Out of Development’s Waiting Room, Out of Democracy: The Continuing Agony of the DHRM
[with inputs from Baiju John]
Faced with the never-ending agony to which the members of the Dalit Human Rights Movement (DHRM) in Kerala seem to be subject to, it appears that that the more familiar ways of marginalizing of dalit people in Malayalee people do not work anymore. The past few days have seen horrendous attacks on these people near the town of Varkala in Thiruvanathapuram district. The DHRM has accused the Siva Sena and the BJP of violence, but it appears that both the authorities and the press are equally and irremediably deaf.
‘Deprivation’ was the dominant mode of marginalization, which gives rise to the picture of peoples trapped in the waiting room of social development, who however do not differ in other ways from those who have gained entry. Dalits were certainly conceived as inferior, but the reformers insisted that they were ‘reformable’, and hence the projects of ‘uplift’. In other words, they are the ‘acceptable’ outcasts, upon whom the elite constantly exercise their pastoral authority. Their oppression, rights, ‘voices’, and redemption are unendingly discussed in elite circles, though such discussion rarely moves beyond the terms of debate set by the state, elite intellectuals, or technocrats.
I’m however more inclined to think these days that this is being rapidly replaced by abjection — by which these people are rendered more or less invisible, their words are not just ignored, they are simply not heard. As Julia Kristeva put it, abjects are themselves deprived subjecthood, but they nevertheless circumscribe the domain of the subject.These socially stigmatised groups signify ‘dirt’ and ‘disorder’ to the dominant. If in the frame of ‘deprivation’, dalits were considered eminently reformable.The abject, however, remains beyond the pale of reformist efforts, and are thus deemed the ‘unacceptable’outcasts of the dominant order.Under post-Gulf migration conditions combined with the impact of globalisation in contemporary Kerala, abjection as a mode of marginalization seems to have acquired renewed strength.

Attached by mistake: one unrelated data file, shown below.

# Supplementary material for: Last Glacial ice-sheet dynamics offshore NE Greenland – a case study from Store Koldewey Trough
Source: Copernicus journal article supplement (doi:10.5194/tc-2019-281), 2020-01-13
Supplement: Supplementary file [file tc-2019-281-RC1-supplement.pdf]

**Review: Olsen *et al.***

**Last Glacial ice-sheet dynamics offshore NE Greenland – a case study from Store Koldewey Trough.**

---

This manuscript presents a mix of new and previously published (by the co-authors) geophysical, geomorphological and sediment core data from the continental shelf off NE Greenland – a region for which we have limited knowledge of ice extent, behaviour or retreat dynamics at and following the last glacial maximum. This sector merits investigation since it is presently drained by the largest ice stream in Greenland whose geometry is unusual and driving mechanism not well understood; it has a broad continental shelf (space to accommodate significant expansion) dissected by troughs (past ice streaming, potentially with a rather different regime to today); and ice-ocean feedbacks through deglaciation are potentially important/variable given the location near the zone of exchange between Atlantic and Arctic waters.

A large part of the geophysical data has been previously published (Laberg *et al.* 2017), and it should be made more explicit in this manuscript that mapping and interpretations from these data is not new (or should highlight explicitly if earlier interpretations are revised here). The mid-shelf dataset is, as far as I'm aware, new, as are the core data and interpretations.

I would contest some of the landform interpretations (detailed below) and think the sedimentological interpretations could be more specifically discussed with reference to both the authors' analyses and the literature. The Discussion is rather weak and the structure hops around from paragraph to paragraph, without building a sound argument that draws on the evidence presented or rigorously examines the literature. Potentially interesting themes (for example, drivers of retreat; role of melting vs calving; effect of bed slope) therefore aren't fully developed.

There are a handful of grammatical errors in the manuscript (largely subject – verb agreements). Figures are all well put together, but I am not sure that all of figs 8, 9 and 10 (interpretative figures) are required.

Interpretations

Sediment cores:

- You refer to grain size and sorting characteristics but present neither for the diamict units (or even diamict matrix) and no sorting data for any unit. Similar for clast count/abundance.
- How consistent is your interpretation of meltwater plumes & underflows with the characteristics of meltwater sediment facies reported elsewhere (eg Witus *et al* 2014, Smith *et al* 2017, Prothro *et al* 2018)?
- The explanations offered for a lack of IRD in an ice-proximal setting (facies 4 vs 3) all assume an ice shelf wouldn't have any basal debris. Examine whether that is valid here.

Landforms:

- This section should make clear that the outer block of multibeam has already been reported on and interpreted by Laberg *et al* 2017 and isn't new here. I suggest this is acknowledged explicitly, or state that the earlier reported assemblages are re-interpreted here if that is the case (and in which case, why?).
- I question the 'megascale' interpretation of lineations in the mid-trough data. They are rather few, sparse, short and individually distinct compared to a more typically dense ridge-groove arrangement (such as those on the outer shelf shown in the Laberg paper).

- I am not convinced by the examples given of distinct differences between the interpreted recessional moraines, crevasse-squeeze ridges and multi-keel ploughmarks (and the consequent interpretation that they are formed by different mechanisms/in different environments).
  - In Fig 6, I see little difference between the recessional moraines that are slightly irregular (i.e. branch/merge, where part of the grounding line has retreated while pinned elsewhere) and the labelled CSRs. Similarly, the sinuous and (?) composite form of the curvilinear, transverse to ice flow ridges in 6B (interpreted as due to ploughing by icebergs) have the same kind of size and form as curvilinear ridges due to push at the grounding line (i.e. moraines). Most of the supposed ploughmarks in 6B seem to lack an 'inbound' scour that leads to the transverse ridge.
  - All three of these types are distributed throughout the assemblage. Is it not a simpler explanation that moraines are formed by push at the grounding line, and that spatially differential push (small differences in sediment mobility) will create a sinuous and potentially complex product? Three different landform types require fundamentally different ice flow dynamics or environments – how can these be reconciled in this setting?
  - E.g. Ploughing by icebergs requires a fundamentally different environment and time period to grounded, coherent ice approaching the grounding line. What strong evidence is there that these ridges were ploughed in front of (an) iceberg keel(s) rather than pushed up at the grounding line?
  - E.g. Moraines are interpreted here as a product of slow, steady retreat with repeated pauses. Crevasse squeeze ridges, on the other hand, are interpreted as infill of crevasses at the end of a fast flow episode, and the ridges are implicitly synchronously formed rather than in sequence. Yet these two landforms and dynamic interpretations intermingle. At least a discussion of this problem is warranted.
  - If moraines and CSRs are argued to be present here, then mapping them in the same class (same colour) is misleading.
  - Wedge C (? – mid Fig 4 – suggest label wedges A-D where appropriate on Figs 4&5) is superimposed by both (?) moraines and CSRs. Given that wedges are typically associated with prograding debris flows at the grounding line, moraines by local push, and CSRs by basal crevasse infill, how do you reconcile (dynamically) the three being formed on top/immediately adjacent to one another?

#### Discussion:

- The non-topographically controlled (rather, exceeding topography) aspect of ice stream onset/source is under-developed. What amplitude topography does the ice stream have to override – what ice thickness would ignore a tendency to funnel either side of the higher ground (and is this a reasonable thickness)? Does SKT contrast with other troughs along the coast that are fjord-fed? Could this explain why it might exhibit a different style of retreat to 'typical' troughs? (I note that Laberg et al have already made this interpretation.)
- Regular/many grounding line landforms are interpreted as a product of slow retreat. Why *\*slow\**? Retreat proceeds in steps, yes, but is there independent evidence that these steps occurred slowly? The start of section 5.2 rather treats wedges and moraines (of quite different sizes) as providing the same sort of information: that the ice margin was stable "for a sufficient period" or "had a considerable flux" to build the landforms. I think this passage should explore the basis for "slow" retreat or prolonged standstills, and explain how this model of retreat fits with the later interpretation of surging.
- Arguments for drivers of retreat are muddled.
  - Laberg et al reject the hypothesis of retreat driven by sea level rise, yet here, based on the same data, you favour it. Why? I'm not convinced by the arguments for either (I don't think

The DHRM seems to be taking the full brunt of this assault since 2009, persistently demonized in the media as ‘black shirts’, ‘Dalit terror’, and so on [here is a relatively sympathetic report : http://www.indianexpress.com/news/the-dalit-evangelists/636003/0 ]. The Ambedkarite and Buddhist DHRM has spread in the dalit colonies, especially in and around the town of Varkala. It is interesting that they reach out to dalits who are trapped in these squalid spaces, and the only ‘opportunities’ that liberalization has opened to them seem to be largely of a criminal nature. There is credible research that reveals the enormous inequalities that mark this ‘Gulf pocket’, in which the dalits have been completely unable to make use of the opportunities for migration to West Asian countries [see the work of Ashley McClelland, on a village very near Varkala with comparable conditions, http://gradworks.umi.com/MR/57/MR57125.html ]. The DHRM’s work there has apparently succeeded in drawing the menfolk away from illicit hooch making and ganja peddling, and the consumption of these, as the women there have publicly testified [http://www.youtube.com/watch?v=ejIt-VTXE2I ].